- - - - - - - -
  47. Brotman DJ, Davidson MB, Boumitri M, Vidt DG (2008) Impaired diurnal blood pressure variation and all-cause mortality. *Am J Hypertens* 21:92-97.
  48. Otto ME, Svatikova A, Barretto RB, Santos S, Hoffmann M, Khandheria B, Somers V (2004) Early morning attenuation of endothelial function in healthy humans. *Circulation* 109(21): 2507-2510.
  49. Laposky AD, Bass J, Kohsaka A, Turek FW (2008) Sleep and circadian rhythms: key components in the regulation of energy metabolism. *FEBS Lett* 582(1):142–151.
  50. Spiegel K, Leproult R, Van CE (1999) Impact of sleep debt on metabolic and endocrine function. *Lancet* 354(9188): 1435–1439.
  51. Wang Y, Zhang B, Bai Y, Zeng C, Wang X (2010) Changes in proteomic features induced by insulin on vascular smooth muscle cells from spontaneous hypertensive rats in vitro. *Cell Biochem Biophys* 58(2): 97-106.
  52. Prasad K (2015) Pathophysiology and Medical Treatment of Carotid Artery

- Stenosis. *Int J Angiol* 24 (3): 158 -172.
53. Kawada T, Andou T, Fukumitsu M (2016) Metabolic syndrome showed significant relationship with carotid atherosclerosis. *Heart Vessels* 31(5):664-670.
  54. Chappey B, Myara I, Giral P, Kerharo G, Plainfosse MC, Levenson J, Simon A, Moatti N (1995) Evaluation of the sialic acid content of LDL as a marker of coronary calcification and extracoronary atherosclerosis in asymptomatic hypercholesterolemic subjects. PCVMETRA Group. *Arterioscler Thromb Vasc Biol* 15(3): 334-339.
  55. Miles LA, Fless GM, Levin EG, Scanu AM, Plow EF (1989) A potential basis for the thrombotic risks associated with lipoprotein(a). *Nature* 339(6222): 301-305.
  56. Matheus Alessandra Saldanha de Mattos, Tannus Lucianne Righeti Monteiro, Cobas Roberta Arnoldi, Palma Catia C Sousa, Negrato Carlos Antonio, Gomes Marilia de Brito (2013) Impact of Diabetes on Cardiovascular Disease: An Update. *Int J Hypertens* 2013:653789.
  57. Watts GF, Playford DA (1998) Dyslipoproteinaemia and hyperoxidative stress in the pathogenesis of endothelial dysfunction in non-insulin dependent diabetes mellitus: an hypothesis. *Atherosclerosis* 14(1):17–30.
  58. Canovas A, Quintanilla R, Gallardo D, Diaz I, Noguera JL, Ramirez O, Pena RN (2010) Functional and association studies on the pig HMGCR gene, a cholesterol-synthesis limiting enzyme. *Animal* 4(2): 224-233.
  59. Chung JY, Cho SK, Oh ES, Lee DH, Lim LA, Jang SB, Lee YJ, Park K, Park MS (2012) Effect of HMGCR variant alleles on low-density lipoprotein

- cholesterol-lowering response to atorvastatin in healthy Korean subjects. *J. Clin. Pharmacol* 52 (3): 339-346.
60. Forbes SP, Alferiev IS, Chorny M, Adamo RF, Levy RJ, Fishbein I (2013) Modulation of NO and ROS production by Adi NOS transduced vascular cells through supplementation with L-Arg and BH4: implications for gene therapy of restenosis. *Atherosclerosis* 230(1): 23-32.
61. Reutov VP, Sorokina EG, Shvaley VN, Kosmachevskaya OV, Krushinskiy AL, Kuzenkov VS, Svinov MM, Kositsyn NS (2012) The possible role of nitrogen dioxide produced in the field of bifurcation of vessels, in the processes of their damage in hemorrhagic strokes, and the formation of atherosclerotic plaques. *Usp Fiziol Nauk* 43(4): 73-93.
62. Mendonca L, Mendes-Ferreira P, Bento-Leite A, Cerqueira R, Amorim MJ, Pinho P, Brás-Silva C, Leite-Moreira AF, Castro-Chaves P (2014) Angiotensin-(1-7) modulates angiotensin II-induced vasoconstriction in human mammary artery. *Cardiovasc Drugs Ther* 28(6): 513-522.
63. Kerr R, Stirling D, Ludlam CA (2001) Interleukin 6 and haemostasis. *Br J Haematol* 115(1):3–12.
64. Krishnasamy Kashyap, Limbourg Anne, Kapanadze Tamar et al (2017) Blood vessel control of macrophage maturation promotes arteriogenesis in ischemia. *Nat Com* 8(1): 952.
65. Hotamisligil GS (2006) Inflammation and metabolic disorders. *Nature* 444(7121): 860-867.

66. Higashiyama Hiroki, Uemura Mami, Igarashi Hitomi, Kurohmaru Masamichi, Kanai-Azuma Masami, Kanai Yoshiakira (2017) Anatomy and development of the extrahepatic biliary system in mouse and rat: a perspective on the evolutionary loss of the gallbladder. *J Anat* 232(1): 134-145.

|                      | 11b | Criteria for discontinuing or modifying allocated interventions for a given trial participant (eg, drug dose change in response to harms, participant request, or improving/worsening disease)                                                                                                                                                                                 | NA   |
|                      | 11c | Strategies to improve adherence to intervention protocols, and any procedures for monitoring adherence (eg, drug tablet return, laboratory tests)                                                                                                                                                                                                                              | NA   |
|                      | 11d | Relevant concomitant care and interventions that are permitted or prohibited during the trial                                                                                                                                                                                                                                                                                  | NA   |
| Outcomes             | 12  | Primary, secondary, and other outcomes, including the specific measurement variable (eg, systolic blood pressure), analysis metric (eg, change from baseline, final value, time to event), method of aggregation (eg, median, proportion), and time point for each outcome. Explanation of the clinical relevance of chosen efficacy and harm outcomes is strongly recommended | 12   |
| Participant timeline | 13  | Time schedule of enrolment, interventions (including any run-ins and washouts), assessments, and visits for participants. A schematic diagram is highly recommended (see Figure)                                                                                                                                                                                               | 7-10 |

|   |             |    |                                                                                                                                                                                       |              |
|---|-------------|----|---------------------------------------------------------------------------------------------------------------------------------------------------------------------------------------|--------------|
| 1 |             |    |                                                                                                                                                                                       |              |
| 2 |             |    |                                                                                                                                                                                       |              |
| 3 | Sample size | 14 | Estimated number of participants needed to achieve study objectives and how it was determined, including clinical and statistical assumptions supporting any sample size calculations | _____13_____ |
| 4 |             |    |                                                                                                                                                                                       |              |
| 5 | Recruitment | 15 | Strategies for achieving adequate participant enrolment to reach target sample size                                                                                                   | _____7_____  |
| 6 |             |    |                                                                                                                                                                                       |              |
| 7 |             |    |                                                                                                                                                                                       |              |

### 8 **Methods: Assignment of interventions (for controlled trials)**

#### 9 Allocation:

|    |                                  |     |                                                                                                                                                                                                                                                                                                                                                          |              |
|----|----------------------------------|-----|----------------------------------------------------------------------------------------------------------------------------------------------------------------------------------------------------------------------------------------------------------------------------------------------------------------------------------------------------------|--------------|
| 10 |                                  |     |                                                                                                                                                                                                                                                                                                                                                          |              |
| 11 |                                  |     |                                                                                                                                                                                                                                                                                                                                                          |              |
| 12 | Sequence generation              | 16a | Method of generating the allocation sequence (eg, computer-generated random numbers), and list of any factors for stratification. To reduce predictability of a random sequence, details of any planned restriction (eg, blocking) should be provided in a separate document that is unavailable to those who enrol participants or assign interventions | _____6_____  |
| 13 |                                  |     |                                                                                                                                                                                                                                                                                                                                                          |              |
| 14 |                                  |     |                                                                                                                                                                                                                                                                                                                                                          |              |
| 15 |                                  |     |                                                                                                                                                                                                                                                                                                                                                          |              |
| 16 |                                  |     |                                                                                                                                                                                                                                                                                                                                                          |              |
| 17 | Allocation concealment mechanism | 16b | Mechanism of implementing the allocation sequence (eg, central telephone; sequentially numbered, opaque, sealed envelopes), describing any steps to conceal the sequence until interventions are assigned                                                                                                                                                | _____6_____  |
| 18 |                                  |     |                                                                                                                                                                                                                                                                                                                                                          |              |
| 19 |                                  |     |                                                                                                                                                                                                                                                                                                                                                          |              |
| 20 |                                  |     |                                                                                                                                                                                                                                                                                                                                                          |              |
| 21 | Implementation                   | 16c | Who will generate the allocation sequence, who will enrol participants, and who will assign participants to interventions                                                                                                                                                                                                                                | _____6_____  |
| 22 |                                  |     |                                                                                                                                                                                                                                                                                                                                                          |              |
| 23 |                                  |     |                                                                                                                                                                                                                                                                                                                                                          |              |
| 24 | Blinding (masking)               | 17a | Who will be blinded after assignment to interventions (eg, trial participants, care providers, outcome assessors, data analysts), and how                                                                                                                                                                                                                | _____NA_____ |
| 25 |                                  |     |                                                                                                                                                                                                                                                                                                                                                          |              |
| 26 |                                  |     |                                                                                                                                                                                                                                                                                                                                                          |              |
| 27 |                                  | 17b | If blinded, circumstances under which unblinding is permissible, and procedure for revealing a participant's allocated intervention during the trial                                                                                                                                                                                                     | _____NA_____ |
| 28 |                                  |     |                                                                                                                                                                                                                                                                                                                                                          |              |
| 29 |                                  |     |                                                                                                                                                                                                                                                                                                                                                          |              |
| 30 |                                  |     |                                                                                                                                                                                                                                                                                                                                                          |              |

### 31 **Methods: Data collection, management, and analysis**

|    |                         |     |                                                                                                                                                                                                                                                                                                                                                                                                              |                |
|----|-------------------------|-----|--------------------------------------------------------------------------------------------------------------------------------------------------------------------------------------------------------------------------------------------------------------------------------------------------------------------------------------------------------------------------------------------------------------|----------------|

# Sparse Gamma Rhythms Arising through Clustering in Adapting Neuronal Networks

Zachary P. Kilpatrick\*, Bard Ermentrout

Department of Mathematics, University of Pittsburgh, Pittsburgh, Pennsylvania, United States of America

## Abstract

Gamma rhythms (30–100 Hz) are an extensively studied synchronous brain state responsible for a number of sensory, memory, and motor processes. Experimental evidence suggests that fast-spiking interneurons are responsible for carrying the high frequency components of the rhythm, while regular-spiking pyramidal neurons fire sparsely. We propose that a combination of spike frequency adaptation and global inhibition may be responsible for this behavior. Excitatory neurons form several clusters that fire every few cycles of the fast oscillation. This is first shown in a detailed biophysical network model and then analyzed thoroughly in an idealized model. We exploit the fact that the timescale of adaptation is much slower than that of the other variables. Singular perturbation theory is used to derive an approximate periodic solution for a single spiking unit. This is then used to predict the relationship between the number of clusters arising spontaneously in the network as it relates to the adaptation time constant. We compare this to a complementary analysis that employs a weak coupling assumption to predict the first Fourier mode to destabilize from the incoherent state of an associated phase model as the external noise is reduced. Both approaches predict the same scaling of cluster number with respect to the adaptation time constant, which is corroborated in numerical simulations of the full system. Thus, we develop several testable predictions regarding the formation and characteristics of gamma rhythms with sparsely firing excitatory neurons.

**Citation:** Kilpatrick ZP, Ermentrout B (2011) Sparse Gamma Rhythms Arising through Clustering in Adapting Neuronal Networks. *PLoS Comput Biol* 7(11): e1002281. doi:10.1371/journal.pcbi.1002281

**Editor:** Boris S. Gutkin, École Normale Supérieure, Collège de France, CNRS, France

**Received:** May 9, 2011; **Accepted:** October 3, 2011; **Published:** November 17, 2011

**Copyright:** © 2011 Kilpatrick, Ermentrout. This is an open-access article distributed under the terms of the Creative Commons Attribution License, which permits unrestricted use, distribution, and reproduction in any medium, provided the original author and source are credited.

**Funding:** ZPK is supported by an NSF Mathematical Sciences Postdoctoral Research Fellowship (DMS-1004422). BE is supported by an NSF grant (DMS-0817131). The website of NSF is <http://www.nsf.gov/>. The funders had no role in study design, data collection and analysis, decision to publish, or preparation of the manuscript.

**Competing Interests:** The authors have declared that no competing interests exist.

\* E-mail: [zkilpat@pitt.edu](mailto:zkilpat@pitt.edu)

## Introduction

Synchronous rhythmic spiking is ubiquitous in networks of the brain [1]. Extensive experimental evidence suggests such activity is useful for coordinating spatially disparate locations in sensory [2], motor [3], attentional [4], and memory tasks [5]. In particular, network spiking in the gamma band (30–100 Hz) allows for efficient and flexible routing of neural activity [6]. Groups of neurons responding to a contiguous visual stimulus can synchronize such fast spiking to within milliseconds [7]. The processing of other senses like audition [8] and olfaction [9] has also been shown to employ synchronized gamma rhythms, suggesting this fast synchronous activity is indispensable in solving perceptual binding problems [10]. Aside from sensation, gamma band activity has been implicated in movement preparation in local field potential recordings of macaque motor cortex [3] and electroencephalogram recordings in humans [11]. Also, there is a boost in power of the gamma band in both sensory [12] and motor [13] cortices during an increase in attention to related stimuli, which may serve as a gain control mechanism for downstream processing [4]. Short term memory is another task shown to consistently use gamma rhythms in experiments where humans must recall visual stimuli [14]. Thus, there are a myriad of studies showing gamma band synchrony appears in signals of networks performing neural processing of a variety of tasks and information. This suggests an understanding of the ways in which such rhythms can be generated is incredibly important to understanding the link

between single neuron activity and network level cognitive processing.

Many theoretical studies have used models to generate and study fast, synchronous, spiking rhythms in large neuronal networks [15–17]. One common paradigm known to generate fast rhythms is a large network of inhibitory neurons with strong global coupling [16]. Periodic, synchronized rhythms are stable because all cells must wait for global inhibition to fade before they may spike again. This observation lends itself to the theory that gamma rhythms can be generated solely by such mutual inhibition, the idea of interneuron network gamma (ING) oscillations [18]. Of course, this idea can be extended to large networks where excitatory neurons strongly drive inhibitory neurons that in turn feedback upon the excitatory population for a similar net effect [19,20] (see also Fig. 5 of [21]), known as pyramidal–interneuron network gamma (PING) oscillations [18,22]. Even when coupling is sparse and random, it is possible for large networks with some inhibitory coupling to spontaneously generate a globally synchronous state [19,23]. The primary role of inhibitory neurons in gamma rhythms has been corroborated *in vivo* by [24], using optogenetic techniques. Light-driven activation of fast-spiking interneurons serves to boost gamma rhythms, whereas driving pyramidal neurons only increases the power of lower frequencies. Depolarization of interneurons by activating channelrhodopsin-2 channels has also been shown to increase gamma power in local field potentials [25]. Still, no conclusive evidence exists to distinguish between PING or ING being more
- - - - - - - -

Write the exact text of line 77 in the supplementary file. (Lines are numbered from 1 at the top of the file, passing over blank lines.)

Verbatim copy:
## Introduction